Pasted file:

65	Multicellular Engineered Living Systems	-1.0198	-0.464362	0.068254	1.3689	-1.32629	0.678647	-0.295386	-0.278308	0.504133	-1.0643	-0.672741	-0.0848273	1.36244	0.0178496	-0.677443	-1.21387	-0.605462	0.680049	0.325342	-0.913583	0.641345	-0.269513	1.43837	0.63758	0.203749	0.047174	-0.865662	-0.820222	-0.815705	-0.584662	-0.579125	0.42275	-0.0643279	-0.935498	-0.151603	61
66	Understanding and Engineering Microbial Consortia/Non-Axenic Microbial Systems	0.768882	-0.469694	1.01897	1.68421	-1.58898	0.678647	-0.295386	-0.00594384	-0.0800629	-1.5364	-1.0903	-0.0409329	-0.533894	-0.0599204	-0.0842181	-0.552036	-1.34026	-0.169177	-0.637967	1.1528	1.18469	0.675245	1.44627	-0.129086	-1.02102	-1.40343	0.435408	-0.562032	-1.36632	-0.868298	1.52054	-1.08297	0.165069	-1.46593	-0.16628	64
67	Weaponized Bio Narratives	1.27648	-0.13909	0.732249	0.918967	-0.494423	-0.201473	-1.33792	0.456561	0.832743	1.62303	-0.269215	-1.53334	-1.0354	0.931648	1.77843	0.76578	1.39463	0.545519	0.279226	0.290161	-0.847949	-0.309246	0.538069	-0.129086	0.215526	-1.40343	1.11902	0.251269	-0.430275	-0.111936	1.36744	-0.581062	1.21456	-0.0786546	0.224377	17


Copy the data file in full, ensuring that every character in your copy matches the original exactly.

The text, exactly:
65	Multicellular Engineered Living Systems	-1.0198	-0.464362	0.068254	1.3689	-1.32629	0.678647	-0.295386	-0.278308	0.504133	-1.0643	-0.672741	-0.0848273	1.36244	0.0178496	-0.677443	-1.21387	-0.605462	0.680049	0.325342	-0.913583	0.641345	-0.269513	1.43837	0.63758	0.203749	0.047174	-0.865662	-0.820222	-0.815705	-0.584662	-0.579125	0.42275	-0.0643279	-0.935498	-0.151603	61
66	Understanding and Engineering Microbial Consortia/Non-Axenic Microbial Systems	0.768882	-0.469694	1.01897	1.68421	-1.58898	0.678647	-0.295386	-0.00594384	-0.0800629	-1.5364	-1.0903	-0.0409329	-0.533894	-0.0599204	-0.0842181	-0.552036	-1.34026	-0.169177	-0.637967	1.1528	1.18469	0.675245	1.44627	-0.129086	-1.02102	-1.40343	0.435408	-0.562032	-1.36632	-0.868298	1.52054	-1.08297	0.165069	-1.46593	-0.16628	64
67	Weaponized Bio Narratives	1.27648	-0.13909	0.732249	0.918967	-0.494423	-0.201473	-1.33792	0.456561	0.832743	1.62303	-0.269215	-1.53334	-1.0354	0.931648	1.77843	0.76578	1.39463	0.545519	0.279226	0.290161	-0.847949	-0.309246	0.538069	-0.129086	0.215526	-1.40343	1.11902	0.251269	-0.430275	-0.111936	1.36744	-0.581062	1.21456	-0.0786546	0.224377	17